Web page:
During HFM, Paula described the inherent complexities of her heroine (née Margaretha Geertruida Zelle in The Netherlands). “She was someone who refused to let men decide her fate. She wanted to have sex, but didn't want relationships,” Paula said. “She set her own rules, using her sensuality, even her sexuality, but always out of her own free will. Mata Hari was a dedicated artist, creating her artistic vocabulary, which was essential for her. Her career was more important than anything else in the world. She had convictions and was self-assured about her abilities and talent - and women were not like that in Mata Hara’s era.”
“And it's no surprise that men eventually accused her of treason. It was just very convenient to accuse this controversial elusive woman who confused so many men - men who couldn't possess or dictate to her, and [who] sentenced her to death.”
The film is budgeted at €9 million, with €422,500 already in place. Development support has been granted by the Netherlands Film Fund. Dutch distributor September Film is on board the film which will begin shooting in Summer 2022 in The Netherlands, France, Belgium and Indonesia. The target audience is women aged 30-60, said Levitate Film’s Hanneke Bosman who was looking to find partners in France, Indonesia and beyond, as well as sales interest.
“The four chapters will be played by four entirely different actresses,” Van der Oest confirmed. “This is to strike the fact that Mata Hari was an icon for all women of all ages, of all ethnicities. It will be a challenge to connect all the chapters in such a way that we stay close to the main characters, but I think this is the right approach for this movie. I want to tell Mata Hari's story, because I think it's entertaining but also important. She was a woman who fought for freedom. She was not a feminist, but she wanted to live the life that she wanted to live. And she wanted to have freedom, and sexual freedom, in a time where that was not evident. But I think freedom for women is still not evident these days: sexual freedom and equality. So it's an important and relevant story to tell today.”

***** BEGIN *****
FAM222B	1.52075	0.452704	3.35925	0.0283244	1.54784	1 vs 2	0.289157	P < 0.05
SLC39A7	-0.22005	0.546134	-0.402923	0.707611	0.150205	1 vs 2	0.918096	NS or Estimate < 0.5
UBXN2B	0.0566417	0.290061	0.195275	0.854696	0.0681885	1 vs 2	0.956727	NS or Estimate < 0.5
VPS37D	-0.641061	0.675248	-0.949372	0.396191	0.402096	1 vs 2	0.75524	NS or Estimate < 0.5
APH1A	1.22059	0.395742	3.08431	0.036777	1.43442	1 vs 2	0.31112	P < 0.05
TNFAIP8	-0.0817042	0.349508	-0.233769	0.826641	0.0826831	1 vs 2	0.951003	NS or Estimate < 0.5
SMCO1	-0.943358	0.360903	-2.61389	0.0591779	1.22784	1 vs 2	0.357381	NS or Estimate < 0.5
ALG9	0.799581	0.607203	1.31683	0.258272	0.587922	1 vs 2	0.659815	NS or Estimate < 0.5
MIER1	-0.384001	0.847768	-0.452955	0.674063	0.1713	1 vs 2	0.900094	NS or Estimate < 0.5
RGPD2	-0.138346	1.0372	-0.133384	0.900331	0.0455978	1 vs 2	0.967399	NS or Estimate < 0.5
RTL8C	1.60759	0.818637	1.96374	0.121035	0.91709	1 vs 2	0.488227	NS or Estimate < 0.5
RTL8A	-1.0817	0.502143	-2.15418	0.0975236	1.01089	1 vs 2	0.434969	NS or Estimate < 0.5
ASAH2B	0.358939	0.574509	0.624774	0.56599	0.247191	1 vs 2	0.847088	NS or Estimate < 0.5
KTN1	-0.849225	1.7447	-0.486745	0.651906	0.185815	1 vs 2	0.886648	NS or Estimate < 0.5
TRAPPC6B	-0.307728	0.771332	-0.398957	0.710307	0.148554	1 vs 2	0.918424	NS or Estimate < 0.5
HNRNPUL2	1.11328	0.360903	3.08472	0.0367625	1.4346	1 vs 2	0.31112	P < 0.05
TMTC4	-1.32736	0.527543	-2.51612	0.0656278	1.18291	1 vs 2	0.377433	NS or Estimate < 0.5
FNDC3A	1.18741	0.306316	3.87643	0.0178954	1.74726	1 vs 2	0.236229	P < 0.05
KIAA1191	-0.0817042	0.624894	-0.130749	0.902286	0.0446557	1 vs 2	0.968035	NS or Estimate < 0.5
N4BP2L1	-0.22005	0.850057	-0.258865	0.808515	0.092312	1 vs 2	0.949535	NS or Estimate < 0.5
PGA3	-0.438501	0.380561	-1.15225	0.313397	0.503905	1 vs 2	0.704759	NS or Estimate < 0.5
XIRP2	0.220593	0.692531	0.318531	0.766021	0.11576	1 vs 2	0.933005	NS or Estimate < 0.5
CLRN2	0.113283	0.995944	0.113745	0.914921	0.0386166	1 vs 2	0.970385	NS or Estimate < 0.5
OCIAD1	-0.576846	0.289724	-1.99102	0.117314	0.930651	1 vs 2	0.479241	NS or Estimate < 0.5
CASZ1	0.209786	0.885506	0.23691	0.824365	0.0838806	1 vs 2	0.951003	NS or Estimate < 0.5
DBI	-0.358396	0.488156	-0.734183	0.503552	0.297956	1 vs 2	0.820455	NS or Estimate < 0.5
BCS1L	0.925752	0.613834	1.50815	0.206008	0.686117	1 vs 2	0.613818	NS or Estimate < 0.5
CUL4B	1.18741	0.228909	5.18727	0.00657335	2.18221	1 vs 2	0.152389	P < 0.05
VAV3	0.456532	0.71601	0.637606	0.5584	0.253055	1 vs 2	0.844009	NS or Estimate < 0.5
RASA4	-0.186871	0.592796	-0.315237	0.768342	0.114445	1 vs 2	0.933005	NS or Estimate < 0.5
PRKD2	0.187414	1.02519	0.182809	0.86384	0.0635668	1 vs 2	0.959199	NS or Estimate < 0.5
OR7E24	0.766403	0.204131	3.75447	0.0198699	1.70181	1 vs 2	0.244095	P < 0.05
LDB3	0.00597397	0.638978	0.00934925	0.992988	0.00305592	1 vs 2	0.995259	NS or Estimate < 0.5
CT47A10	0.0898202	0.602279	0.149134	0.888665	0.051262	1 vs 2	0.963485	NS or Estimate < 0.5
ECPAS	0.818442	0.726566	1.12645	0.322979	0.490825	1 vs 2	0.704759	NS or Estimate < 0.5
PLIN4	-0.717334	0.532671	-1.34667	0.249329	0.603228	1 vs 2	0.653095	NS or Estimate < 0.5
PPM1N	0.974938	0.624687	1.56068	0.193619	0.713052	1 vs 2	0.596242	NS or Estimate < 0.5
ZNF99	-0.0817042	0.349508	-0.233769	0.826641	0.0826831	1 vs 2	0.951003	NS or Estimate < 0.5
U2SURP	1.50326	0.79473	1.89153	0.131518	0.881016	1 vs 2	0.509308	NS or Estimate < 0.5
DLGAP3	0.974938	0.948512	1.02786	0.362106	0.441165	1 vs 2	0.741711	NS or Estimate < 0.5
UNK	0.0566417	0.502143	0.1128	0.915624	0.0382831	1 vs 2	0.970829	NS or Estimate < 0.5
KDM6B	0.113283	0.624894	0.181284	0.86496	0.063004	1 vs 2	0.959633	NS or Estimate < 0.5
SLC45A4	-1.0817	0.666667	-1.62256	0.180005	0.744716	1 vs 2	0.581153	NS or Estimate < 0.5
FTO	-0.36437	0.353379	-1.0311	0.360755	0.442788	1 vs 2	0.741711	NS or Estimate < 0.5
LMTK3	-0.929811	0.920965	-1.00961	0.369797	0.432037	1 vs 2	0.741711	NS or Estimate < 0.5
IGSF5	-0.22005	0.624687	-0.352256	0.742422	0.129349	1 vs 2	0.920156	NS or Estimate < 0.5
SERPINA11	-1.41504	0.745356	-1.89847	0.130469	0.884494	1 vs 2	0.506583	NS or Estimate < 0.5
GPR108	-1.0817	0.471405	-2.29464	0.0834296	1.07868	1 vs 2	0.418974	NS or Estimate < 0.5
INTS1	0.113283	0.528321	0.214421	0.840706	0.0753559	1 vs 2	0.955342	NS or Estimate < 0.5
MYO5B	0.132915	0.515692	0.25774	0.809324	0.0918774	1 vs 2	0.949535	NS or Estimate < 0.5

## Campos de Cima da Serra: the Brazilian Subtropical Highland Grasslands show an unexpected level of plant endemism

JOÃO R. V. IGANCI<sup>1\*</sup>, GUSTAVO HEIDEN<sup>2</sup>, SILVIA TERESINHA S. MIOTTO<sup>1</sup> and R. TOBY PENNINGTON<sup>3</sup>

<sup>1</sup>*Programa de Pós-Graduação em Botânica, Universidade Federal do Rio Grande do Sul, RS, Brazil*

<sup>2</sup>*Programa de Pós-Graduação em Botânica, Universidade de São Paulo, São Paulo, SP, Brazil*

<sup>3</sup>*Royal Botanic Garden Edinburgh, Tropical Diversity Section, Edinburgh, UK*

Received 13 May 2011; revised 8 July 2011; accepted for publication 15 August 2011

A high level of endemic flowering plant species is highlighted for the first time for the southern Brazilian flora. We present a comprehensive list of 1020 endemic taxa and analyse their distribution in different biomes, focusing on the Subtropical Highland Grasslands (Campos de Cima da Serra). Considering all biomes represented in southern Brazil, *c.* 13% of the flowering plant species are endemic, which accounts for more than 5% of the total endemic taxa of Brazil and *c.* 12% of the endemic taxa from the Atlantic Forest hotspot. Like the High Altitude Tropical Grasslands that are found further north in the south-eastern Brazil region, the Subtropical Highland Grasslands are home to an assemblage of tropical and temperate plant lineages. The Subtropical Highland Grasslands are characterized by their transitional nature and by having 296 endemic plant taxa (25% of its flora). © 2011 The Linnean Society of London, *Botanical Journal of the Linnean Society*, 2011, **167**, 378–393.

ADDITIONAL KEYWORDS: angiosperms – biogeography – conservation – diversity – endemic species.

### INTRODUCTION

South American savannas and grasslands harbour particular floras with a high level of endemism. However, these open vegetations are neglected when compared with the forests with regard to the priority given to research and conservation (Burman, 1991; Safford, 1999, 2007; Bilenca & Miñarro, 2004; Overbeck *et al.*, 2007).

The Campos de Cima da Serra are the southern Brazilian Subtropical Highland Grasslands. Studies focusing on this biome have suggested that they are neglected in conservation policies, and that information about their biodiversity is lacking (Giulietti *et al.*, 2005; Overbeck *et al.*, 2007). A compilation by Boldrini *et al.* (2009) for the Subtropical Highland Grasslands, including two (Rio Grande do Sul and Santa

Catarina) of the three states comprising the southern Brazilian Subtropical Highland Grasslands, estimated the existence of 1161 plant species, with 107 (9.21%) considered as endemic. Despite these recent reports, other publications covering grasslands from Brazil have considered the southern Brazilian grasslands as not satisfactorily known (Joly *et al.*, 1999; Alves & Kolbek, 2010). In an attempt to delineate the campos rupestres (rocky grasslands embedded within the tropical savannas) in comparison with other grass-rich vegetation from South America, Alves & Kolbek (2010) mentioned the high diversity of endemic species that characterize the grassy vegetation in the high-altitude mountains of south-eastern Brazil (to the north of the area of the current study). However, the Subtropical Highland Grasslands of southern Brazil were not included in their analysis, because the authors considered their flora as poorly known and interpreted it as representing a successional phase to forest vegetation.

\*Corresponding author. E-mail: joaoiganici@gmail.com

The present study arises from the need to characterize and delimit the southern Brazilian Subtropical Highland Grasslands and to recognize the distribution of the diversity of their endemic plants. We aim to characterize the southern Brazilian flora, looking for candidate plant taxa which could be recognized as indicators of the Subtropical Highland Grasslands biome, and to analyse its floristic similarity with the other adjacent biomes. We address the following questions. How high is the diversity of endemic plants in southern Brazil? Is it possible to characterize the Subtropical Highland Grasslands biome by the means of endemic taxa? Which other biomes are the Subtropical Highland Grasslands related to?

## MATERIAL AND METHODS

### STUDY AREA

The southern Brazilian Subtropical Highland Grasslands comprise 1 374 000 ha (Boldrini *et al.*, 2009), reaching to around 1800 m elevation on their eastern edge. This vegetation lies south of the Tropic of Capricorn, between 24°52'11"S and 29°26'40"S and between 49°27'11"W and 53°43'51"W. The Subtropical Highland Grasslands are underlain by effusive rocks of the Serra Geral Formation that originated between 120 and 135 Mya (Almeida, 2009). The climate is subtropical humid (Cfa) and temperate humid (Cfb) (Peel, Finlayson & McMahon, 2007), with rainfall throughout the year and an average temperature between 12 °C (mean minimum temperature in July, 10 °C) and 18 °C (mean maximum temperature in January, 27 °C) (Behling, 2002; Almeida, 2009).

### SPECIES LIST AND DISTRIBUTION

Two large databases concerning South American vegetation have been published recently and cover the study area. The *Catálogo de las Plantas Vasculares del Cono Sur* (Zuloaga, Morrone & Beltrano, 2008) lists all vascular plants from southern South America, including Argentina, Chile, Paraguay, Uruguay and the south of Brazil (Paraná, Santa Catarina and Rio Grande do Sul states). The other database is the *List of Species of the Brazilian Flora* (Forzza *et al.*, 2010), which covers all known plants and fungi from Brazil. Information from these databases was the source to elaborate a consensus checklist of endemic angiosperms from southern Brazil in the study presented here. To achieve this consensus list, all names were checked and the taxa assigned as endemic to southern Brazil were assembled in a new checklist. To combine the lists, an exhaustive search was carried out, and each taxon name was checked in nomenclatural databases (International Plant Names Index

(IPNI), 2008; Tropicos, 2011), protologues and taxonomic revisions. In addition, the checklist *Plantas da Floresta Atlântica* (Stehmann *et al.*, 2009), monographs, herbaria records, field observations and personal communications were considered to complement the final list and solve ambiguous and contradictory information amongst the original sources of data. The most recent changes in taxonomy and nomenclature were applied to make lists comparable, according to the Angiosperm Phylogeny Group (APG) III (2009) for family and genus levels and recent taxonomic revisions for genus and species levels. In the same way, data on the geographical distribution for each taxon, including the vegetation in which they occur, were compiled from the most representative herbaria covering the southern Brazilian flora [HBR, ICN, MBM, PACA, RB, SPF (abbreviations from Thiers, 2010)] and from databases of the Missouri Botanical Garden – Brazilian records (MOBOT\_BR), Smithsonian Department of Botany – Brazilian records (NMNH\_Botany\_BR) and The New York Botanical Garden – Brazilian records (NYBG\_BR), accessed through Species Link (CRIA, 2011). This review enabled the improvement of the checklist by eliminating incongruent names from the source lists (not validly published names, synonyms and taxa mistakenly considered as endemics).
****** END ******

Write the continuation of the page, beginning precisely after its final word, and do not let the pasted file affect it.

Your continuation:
Plantation Wildlust by Hesdy Lonwijk (Netherlands/Belgium/Suriname, Staccato Films)
Directed by Hesdy Lonwijk and produced by Dutch producer Emjay Rechsteiner, the €2 million project Plantation Wildlust tells an urgent and highly relevant story.
Based on the 2020 novel by Surinamese-Dutch writer Tessa Leuwsha, the film concerns the black overseer of a former slave plantation who vows to retain power when the new manager arrives from Europe with his ambitious young wife.
“Why now? Why me?” asks director Hesdy. “I think having people from African or, in my case, African diaspora, to stand at the helm of colonial films makes a huge difference. Steve McQueen, Barry Jenkins, just to name a few, you can see how their presence and the culture that they bring along on the project quickly turns around how you perceive the story.”
“What I want to focus on is first and foremost the characters, and next to that I like to approach the story as more of a theme of resilience instead of struggling,” he added. “And I also like to explore how I can use spirituality as a visual metaphor. In the end, my aim is to bring an epic tale to a large screen audience and to bring a film that can be both entertaining and insightful, gut-wrenching, at the same time a visceral bombardment, but moreso a moving tale about a man who just wants to be seen and fully accepted.”
Producer Emjay has so far raised €600,000 towards the Sranang/Dutch/Caribbean/Hindustani/Suriname/Indonesian-language film. The treatment is complete and he is looking for feedback (and partners) especially from “countries that share a colonial past,” such as Belgium, UK, Germany, Denmark, Spain and Portugal. “I think you will all be able to relate to this particular story,” he underlined to potential partners from these territories.